• Peoplewithpets.com provides a large network of cities that are in general pet-friendly. You can locate hotels, apartment rentals, and even find a nice park to play in while on vacation. http://www.peoplewithpets.com/
• For the most part, cities are often inclined to promote their welcoming nature to the four-legged companion. Metro Animal is the St. Louis area pet-friendly guide for rentals in the entire area. http://www.metroanimal.org/rental/main.html
• Los Angeles also offers their own directory http://www.peoplewithpets.com/aptmetro.asp?metro=Los%20Angeles
• As does Portland, Oregon at Portland Pooch.com http://www.portlandpooch.com/directory/housing.htm

While not all cities will have their own directory, many of the larger cities- where finding an apartment can be extremely difficult in general- do offer a directory to make the search easier for you and the pup to find a good place to live.

If you’re looking to rent in the city, be sure to investigate the rules and ordinances applying to your four-legged companion. Also, be prepared to pay a little extra and invest some effort into proving that you’ll both make excellent tenants on your search for a new home.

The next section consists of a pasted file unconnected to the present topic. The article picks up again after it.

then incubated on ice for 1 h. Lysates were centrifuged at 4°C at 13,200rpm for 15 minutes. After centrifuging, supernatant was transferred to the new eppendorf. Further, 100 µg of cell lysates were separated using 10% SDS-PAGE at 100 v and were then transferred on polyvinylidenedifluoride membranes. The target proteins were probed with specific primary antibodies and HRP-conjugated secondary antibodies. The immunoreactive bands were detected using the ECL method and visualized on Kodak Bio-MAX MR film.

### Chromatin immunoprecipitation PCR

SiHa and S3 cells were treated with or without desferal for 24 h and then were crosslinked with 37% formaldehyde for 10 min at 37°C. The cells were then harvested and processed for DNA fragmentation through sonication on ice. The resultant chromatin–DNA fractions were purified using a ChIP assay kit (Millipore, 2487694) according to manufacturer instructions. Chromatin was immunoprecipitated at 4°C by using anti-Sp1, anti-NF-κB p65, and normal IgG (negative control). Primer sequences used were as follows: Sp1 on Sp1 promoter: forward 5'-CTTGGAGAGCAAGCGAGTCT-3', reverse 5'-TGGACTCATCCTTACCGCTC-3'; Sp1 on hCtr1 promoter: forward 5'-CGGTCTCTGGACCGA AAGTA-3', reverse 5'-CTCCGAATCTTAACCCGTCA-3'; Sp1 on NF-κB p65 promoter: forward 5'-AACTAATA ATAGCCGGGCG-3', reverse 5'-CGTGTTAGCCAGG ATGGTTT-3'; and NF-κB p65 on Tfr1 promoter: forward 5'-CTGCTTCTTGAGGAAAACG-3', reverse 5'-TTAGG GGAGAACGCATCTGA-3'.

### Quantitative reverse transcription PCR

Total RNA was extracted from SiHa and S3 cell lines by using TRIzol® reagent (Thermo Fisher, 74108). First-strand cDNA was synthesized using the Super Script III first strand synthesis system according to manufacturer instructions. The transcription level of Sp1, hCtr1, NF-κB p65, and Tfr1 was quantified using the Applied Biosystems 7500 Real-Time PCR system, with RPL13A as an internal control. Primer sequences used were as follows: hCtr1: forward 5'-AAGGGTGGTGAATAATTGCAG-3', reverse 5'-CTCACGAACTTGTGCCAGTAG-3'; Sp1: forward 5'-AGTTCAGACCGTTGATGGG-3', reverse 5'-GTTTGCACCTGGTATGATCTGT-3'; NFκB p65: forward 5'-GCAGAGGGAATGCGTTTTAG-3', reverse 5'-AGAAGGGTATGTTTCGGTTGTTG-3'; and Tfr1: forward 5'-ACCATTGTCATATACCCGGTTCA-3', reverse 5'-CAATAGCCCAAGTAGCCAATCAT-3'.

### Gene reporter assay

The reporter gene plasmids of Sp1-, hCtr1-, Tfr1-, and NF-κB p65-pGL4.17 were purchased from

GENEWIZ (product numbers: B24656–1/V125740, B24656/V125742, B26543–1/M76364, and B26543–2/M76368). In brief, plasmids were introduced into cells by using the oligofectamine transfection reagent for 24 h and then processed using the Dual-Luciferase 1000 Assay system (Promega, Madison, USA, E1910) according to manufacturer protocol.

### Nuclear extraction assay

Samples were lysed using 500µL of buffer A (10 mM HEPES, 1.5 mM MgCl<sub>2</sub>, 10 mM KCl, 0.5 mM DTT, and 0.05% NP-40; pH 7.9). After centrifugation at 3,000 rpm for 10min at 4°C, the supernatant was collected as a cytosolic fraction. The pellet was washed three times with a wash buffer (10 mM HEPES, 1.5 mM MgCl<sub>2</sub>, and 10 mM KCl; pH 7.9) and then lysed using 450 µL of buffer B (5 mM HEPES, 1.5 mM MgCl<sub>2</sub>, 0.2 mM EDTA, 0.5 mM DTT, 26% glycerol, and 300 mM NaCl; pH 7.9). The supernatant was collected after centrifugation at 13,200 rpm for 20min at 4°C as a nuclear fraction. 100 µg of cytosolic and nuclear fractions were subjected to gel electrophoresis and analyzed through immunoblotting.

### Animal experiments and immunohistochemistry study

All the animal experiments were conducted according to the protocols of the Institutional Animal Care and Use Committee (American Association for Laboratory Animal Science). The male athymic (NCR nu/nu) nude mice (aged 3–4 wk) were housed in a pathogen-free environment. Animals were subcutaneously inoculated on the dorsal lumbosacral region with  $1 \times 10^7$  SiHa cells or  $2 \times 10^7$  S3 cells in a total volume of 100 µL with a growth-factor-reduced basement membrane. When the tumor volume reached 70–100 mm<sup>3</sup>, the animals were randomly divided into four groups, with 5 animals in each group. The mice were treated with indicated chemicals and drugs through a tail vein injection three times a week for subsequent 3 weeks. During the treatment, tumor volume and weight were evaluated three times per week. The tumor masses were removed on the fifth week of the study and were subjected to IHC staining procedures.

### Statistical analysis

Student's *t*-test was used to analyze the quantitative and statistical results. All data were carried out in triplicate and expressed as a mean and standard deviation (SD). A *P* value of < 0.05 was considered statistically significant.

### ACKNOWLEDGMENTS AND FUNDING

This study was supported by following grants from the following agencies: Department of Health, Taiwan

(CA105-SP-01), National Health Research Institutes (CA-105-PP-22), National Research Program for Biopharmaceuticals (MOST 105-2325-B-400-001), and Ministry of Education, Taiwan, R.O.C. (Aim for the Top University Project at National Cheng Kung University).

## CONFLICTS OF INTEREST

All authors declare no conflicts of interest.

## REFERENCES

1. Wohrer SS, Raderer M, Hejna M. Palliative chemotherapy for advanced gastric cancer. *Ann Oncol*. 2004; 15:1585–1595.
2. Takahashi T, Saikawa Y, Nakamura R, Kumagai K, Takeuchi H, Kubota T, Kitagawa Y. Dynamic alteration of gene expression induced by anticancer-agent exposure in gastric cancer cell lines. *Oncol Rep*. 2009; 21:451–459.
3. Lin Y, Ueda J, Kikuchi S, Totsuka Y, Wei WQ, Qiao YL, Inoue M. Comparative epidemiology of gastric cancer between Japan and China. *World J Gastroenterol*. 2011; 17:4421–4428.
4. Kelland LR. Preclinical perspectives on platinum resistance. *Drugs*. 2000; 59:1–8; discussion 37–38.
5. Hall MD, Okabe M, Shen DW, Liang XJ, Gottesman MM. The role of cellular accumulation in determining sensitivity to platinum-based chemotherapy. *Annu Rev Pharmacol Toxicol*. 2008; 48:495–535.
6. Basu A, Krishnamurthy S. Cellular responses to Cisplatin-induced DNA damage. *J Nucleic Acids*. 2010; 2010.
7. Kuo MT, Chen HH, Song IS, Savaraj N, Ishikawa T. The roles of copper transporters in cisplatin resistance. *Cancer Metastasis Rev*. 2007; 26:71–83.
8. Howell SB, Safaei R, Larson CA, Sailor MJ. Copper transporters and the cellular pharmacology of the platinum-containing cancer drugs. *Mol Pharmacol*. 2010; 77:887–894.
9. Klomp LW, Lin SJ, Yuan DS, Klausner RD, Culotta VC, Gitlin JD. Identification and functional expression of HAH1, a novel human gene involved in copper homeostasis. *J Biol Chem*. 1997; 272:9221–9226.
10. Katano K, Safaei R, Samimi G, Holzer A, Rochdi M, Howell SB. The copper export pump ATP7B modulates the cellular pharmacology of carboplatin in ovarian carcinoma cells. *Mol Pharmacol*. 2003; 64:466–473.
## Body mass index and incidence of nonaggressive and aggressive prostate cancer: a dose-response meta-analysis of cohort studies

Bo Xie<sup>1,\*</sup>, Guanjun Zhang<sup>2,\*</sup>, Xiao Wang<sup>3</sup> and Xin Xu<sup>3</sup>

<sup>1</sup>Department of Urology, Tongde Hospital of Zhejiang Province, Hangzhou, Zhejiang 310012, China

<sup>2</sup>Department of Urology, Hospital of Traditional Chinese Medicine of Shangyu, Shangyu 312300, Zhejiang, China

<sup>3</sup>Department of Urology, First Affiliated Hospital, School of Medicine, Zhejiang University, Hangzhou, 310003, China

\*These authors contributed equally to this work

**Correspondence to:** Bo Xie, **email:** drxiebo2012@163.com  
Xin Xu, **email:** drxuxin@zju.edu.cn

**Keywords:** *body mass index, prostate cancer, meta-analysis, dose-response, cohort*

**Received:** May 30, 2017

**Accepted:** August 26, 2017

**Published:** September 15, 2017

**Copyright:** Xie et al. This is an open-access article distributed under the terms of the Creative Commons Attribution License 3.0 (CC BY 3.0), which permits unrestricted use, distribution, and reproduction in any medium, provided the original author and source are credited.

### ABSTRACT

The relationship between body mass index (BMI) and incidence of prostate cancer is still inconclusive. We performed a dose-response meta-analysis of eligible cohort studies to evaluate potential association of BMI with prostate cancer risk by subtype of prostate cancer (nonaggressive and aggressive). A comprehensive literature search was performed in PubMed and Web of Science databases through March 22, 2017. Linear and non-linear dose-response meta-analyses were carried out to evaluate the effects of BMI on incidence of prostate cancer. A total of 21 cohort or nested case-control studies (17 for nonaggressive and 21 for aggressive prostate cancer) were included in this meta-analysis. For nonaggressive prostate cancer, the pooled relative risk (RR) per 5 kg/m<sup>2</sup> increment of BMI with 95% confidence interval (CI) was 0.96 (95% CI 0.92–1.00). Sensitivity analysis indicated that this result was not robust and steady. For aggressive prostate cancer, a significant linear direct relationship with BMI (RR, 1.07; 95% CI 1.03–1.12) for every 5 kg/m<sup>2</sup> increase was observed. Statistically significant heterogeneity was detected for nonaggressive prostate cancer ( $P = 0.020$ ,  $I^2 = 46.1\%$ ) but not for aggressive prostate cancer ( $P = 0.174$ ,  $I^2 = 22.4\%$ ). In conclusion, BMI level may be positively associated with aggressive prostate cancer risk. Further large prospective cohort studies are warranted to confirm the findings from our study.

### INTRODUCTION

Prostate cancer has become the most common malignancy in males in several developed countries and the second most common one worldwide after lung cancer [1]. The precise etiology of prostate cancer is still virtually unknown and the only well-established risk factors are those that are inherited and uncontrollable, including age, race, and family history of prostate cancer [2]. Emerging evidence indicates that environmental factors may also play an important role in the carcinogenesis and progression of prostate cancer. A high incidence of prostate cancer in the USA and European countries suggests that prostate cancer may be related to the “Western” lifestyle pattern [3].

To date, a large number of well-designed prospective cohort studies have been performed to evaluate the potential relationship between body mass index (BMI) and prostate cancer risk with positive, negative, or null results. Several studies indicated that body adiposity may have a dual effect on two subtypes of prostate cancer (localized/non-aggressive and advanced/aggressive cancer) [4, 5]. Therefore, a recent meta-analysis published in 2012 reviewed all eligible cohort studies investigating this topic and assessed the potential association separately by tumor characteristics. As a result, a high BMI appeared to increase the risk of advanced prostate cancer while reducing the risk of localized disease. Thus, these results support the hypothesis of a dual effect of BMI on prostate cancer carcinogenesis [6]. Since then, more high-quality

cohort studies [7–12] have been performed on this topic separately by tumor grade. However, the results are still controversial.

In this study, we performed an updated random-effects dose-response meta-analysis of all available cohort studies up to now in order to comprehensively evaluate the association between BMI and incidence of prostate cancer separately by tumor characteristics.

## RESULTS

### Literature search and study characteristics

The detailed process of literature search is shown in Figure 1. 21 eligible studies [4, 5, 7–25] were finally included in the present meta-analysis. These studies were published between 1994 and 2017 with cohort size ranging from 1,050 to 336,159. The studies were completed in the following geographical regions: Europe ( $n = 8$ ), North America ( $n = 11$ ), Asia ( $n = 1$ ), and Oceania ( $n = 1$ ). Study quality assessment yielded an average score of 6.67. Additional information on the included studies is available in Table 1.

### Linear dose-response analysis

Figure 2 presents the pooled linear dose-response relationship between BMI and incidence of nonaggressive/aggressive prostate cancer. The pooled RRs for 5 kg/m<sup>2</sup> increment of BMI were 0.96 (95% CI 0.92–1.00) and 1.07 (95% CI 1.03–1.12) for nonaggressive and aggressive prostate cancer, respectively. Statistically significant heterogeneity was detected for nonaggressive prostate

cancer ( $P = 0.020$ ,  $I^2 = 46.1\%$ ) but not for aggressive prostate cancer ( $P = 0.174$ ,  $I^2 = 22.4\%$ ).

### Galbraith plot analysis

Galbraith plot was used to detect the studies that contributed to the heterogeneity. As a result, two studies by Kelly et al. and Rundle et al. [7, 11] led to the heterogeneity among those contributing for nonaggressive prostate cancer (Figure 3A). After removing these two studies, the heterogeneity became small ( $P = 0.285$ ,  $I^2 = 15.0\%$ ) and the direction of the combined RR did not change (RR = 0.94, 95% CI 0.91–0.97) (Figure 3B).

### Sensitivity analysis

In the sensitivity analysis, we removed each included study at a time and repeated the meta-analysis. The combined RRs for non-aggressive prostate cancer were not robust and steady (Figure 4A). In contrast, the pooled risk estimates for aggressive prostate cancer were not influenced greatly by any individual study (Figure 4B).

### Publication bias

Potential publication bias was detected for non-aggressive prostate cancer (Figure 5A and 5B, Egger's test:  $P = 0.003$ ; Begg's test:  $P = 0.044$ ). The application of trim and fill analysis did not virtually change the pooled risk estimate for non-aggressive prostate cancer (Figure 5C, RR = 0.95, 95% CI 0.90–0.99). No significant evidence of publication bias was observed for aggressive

Keeping up with your pet supplies can be just another thing you don’t want to have to remember.  After a long day at work and going to the store, the last thing you want to do is have to go “to the store” again.  Consider home delivery of your pet supplies!

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What’s the Best Apartment Dog?

The best dog for dog lovers staying in apartments

Relocating presents a wide range of challenges. Where are you going to live? How are you going to get there? What can you afford? There are so many questions that the only way to find the answers is to take them on one at a time.

So, for those dog lovers out there, there is one question that is unique to the animal lover in us all. What do we need to know about our new home’s dog-friendly stance? First consider what your new environment will present. Then you must be able to match your dog’s characteristics (attitude, physiology, and activity levels) to suit your new home.

In a new town

What are the rules and regulations of the new town? Is there anything specific to your precinct or zone? A lot of towns refer to their zones for particular rules, such as leash-laws and tag information. You’ll need to research what your dog will need to live issue-free in their new area.

You’ll also want to locate parks that are designated pet-friendly. While more parks are working towards appealing to pet owners, there will still be locations that post: No dogs allowed. This can affect how often you can take your dog out to release their energy.

In an apartment

When it comes to your actual apartment, there are almost limitless combinations of rules and regulations that will apply. But, it’s also important to remember how a dog will react to living in relatively confined quarters.